And for the modern Chinese army he emphasized in Education and the Training of Troops a non-authoritarian and democratic education: "Our slogan in training troops is 'Officers teach soldiers, soldiers teach officers and soldiers teach each other'. The fighters have a lot of practical combat experience. The officers should learn from the fighters, and when they have made other people's experience their own, they will become more capable." Study, he emphasized is not the memorization of dogma but a process of collective problem-solving: "It is not just a matter of understanding the general laws derived by Marx, Engels, Lenin and Stalin from their extensive study of real life and revolutionary experience, but of studying their standpoint and method in examining and solving problems."

Just as he insists for the Communist Party, Mao insists on the unity of the army: "Internally, there is unity between officers and men, between the higher and lower ranks, and between military work, political work and rear service work; and externally, there is unity between the army and the people, between the army and government organizations, and between our army and the friendly armies. It is imperative to overcome anything that impairs this unity."

Of course, Mao's reliance on the Red Army was a form of the culture of war, since it ensured that power was ultimately in the hands of those with a monopoly on the means of violence, as was shown at Tien Min Square in 1989. Under these circumstances how is it possible to develop a socialist culture of peace?

Perhaps a way out from the paradox may be found through Mao's remarks in Serving the People where he praises the Canadian doctor Normal Bethune who came during the civil war to serve the Red Army on its Long March: "Comrade Bethune's spirit, his utter devotion to others without any thought of self, was shown in his boundless sense of responsibility in his work and his boundless warm-heartedness towards all comrades and the people. Every Communist must learn from him. We must all learn the spirit of absolute selflessness from him. With this spirit everyone can be very useful to the people. A man's ability may be great or small, but if he has this spirit, he is already nobleminded and pure, a man of moral integrity and above vulgar interests, a man who is of value to the people." Although he doesn't use the word, Mao is talking of love in much the same way as Che Guevara, Martin Luther King, and Mahatma Gandhi.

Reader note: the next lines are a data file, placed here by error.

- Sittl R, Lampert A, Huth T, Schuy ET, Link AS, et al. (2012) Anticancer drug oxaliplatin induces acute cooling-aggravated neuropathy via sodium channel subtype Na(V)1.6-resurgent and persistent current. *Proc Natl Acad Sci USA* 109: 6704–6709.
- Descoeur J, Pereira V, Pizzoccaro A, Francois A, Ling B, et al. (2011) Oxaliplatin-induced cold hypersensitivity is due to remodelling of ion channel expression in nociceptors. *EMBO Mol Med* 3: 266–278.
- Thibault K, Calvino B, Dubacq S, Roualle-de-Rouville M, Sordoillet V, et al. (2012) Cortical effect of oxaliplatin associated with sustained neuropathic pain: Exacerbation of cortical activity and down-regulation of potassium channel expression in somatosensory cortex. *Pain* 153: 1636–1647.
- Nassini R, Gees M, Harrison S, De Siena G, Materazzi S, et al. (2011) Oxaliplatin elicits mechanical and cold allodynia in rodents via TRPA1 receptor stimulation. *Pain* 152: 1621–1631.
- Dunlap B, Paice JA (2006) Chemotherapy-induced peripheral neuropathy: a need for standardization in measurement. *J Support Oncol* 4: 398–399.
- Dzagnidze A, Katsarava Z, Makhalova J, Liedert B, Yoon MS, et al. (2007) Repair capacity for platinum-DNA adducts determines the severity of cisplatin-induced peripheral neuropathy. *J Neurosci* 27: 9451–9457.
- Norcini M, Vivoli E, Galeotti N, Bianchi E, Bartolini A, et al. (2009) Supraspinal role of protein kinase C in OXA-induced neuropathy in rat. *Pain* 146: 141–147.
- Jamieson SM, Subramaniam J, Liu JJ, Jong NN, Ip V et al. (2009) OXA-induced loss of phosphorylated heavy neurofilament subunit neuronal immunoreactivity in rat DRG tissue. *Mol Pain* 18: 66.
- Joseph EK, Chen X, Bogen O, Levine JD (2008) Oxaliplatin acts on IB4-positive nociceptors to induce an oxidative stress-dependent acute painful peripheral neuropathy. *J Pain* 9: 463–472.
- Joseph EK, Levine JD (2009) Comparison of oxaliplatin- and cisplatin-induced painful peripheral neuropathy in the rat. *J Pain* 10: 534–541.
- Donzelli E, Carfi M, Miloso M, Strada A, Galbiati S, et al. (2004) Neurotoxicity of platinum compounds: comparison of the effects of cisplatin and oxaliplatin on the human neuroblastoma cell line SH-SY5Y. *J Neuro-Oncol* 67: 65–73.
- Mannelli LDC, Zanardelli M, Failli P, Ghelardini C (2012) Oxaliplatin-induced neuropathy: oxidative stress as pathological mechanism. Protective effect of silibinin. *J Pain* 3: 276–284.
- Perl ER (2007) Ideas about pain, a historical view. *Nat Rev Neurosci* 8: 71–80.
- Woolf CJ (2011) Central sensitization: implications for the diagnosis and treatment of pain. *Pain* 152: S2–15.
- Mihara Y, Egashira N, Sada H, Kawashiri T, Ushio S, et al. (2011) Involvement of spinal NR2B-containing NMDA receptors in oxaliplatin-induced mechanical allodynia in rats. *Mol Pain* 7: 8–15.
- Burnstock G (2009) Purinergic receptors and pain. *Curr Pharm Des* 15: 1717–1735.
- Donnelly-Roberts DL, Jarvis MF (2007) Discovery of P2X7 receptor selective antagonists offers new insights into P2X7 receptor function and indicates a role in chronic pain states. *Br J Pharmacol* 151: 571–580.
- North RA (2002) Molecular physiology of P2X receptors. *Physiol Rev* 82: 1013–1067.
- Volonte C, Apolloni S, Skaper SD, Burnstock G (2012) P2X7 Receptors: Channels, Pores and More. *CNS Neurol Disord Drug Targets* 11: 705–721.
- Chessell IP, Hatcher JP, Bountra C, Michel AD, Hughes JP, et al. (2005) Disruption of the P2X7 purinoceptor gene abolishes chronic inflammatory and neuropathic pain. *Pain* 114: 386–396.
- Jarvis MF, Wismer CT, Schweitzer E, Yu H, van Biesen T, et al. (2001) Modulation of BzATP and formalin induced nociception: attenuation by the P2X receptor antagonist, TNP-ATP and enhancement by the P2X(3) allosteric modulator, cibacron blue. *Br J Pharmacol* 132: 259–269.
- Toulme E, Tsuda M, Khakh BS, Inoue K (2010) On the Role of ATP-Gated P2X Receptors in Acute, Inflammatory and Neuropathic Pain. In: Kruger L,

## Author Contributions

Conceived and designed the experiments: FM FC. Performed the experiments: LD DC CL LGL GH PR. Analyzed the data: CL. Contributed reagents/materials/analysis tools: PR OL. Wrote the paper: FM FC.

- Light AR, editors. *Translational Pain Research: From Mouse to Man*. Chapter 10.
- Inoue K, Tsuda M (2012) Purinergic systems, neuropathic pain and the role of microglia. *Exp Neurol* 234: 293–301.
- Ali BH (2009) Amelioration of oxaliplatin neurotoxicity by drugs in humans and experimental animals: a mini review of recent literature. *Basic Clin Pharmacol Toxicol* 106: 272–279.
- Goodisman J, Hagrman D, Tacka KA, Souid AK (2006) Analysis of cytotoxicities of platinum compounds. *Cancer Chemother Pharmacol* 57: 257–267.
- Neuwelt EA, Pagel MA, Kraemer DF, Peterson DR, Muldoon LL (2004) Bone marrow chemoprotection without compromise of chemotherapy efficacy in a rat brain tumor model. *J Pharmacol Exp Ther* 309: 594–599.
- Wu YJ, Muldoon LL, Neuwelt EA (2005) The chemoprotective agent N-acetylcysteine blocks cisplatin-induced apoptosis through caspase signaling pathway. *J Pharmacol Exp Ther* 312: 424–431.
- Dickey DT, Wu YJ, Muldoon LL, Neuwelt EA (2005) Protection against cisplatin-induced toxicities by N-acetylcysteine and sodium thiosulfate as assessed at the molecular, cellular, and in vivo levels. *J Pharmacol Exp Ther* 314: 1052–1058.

To take part in a discussion about this page, go to the Forum on Writings of Mao Tse-Tung on the Discussion Board:
discussion board

Issues

Revolutionary socialist culture of peace

Culture of War

Internal Culture of War

Culture of Peace

Education for nonviolence and democracy

Sustainable development for all

Human rights vs exploitation

Women's equality vs patriarchy

Democratic participation vs authori- tarianism

Tolerance and solidarity vs enemy images

Transparency vs secrecy

Disarmament vs armament

Revolutionary leadership

Revolutionary organization

Proletarian Interna- tionalism

National Liberation

Guerrilla Warfare

Terrorism

Agent Provocateurs

Communica- tion systems

Psychology for revolution- aries

Capitalist culture of war

Socialist culture of war

Winning Conflict by Nonviolence


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More Sources

South African
Peace Process

Soviet Union
Disarmament Proposals

Soviet Collapse

Slovo:
Has Socialism Failed?

Freire:
Pedagogy of the Oppressed

Fidel:
Ecology in Cuba

Fidel:
On Religion

Mandela:
Human Rights in South Africa

King
on Nonviolence

Gandhi
on Nonviolence

Gandhi
on Communism